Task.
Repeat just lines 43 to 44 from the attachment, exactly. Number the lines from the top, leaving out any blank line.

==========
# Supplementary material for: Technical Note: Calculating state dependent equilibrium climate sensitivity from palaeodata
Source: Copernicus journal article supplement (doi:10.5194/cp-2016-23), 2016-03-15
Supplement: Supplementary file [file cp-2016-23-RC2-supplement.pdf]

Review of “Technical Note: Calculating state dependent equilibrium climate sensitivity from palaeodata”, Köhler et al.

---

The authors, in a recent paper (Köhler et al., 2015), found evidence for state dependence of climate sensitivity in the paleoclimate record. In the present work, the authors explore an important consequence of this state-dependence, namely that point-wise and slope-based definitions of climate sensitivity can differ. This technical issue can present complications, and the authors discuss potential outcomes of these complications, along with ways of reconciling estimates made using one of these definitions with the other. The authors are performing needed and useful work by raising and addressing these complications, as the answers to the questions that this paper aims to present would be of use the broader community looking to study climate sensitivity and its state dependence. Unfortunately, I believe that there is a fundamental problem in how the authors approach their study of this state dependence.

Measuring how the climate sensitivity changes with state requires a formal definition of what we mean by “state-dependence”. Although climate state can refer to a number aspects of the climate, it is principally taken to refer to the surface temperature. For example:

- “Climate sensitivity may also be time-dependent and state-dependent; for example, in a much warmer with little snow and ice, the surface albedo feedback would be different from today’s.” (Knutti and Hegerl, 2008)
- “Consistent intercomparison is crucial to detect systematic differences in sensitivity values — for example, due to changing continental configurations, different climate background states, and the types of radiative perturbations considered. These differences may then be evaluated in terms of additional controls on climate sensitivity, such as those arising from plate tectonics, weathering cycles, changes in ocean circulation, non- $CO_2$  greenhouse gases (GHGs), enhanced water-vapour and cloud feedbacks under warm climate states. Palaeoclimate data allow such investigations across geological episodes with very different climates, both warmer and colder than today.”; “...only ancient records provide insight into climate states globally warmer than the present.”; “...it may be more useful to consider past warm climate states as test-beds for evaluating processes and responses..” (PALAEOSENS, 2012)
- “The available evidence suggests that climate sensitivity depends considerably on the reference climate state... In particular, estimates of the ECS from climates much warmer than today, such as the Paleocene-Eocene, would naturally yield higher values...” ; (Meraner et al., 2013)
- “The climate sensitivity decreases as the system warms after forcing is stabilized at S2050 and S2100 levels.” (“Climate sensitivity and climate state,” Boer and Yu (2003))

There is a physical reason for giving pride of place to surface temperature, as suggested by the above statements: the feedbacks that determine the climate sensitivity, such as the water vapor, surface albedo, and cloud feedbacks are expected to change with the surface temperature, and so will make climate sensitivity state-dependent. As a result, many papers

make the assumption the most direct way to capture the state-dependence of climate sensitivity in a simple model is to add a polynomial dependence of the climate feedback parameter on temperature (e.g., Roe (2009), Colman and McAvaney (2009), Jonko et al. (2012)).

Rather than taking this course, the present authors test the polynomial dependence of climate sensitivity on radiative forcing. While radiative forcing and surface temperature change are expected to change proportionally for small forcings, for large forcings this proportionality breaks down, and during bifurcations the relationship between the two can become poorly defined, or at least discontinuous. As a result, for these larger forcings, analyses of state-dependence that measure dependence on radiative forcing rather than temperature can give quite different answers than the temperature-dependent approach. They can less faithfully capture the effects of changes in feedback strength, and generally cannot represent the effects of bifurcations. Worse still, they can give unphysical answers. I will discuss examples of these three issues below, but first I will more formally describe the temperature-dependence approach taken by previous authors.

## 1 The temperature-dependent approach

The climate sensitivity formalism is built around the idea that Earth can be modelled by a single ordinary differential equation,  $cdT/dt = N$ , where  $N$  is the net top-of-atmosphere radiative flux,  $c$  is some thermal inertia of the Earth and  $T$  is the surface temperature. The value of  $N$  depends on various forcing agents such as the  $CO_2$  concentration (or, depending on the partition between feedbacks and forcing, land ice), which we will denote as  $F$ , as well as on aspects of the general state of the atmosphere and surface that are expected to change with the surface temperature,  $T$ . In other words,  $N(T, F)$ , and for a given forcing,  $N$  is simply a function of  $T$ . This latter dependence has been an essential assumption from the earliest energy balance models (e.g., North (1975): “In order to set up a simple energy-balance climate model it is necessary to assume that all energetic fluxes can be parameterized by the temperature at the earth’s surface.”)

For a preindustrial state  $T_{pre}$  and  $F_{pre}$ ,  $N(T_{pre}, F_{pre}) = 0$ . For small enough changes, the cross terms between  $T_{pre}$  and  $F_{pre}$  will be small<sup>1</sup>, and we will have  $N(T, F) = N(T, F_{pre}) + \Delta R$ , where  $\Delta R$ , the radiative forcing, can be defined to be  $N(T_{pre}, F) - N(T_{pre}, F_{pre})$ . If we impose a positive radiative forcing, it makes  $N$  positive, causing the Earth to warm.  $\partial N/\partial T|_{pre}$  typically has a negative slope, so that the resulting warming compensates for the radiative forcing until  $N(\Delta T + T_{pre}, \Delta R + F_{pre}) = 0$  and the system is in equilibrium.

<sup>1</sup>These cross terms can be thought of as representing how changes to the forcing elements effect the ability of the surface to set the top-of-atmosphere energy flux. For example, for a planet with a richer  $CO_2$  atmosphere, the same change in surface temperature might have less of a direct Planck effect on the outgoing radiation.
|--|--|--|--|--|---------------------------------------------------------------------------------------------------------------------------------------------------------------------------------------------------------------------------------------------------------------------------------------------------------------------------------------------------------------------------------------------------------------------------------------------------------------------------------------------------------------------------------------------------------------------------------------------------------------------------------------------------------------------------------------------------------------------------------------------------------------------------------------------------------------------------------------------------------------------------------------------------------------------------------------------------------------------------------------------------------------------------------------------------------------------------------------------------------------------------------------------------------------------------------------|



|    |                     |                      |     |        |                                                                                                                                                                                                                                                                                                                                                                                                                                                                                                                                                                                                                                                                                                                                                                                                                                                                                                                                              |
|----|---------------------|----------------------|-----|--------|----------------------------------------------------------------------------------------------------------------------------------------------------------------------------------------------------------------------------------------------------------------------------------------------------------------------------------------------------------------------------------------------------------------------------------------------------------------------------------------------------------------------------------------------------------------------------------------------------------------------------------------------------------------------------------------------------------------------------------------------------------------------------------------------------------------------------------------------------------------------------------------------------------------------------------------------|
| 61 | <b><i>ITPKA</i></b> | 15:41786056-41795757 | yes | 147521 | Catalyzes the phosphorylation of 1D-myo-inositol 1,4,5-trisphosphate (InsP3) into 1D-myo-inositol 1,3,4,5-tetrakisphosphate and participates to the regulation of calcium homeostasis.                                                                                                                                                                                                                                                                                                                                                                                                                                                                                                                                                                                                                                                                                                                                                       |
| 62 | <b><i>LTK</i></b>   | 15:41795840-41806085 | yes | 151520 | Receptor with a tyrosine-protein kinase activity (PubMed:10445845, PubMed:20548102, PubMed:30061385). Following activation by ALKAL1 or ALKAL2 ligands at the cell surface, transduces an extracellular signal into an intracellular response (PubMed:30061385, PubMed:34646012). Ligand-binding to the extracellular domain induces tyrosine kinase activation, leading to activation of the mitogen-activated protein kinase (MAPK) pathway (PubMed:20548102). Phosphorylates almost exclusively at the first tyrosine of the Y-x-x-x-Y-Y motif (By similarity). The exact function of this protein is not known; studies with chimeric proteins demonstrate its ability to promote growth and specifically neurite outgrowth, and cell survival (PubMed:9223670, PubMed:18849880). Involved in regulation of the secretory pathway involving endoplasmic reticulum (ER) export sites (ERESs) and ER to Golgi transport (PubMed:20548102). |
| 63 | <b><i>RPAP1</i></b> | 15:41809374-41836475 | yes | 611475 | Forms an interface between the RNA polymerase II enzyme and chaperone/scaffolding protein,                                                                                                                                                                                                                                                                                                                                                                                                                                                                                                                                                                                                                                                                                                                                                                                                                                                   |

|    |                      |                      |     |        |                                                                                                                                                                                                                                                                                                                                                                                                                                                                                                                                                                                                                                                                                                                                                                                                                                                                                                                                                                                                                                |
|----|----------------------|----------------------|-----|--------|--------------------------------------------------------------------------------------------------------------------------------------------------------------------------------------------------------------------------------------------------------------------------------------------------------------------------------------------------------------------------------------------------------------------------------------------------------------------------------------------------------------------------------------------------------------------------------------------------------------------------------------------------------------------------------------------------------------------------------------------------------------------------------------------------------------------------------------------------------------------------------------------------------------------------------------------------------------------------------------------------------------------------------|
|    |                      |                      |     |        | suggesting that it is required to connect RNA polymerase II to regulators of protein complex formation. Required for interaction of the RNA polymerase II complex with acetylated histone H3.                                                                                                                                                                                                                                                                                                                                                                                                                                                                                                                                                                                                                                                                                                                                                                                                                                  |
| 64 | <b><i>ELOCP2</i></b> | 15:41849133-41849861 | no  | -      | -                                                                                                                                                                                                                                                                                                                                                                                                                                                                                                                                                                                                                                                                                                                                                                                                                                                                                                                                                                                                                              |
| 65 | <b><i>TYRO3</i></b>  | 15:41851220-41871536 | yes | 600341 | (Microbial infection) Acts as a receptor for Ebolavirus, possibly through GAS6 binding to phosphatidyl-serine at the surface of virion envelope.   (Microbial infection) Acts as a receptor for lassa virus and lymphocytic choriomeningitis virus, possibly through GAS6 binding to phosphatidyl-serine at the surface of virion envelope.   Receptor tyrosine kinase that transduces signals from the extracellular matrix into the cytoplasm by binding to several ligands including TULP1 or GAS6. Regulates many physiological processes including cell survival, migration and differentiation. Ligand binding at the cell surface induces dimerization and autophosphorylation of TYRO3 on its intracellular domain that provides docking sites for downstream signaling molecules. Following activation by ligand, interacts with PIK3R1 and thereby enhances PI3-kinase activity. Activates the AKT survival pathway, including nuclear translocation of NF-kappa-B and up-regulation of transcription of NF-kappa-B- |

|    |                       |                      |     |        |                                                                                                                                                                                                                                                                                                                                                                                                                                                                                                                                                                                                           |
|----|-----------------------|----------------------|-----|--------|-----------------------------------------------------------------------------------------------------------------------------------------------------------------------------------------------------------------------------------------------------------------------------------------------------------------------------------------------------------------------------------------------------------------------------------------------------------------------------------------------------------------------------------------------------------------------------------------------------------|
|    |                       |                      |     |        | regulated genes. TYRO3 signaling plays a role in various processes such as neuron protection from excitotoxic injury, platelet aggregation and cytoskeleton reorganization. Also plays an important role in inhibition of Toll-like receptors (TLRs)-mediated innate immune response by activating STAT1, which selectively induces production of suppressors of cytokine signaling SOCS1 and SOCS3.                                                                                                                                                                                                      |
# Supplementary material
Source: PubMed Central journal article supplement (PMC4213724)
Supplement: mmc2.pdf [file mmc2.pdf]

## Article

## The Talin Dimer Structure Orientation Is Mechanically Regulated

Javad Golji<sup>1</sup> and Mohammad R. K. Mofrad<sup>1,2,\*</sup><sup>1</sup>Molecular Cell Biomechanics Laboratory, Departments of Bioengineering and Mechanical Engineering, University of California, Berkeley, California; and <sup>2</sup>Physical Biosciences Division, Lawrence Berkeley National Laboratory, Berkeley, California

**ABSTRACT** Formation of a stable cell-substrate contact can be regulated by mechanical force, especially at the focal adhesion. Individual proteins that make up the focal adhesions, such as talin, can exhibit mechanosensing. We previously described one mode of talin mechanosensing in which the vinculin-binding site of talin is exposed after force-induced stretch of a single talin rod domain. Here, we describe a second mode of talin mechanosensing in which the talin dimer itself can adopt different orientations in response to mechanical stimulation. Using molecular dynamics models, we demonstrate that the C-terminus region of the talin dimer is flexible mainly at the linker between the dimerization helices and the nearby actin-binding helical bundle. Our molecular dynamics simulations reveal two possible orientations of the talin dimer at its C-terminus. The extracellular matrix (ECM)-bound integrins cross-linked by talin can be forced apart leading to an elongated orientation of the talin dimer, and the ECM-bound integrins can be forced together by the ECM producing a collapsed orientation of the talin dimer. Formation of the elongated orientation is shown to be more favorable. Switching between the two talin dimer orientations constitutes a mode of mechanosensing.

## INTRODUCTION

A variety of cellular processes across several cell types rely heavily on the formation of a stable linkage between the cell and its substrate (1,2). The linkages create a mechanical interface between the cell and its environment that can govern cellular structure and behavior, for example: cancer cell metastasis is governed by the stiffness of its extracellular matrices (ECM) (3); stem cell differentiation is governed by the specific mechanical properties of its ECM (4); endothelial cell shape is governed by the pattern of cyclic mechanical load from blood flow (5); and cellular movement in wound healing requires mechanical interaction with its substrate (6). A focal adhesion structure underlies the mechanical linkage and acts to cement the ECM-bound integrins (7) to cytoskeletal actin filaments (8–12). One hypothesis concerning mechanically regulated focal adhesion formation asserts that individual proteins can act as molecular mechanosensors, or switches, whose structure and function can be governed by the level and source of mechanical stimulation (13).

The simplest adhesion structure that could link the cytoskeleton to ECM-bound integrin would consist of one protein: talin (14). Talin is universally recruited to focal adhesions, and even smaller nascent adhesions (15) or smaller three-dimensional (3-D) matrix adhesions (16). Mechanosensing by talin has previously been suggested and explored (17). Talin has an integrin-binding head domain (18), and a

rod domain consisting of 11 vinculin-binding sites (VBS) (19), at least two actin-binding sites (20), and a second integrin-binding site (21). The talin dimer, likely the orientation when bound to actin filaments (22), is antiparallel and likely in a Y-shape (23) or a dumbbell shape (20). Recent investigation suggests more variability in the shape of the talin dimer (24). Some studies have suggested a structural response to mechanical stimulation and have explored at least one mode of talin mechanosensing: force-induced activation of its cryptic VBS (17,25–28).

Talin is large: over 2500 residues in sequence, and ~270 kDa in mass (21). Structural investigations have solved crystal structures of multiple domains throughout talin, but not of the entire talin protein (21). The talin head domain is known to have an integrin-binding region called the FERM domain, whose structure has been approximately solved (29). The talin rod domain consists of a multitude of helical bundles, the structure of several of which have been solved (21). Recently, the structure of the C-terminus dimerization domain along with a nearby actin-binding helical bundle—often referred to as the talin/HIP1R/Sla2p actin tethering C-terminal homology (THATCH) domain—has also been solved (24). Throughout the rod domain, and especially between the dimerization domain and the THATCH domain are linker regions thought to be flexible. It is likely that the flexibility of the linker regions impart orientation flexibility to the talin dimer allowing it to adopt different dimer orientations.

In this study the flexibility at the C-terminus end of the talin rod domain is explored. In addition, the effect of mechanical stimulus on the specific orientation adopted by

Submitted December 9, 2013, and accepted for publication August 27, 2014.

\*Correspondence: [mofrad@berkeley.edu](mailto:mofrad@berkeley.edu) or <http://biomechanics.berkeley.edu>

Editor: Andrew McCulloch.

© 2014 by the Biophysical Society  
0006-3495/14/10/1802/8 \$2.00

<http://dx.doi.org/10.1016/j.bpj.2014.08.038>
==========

rod domain consisting of 11 vinculin-binding sites (VBS) (19), at least two actin-binding sites (20), and a second integrin-binding site (21). The talin dimer, likely the orientation when bound to actin filaments (22), is antiparallel and likely in a Y-shape (23) or a dumbbell shape (20). Recent investigation suggests more variability in the shape of the talin dimer (24). Some studies have suggested a structural response to mechanical stimulation and have explored at least one mode of talin mechanosensing: force-induced activation of its cryptic VBS (17,25–28).

Talin is large: over 2500 residues in sequence, and ~270 kDa in mass (21). Structural investigations have solved crystal structures of multiple domains throughout talin, but not of the entire talin protein (21). The talin head domain is known to have an integrin-binding region called the FERM domain, whose structure has been approximately solved (29). The talin rod domain consists of a multitude of helical bundles, the structure of several of which have been solved (21). Recently, the structure of the C-terminus dimerization domain along with a nearby actin-binding helical bundle—often referred to as the talin/HIP1R/Sla2p actin tethering C-terminal homology (THATCH) domain—has also been solved (24). Throughout the rod domain, and especially between the dimerization domain and the THATCH domain are linker regions thought to be flexible. It is likely that the flexibility of the linker regions impart orientation flexibility to the talin dimer allowing it to adopt different dimer orientations.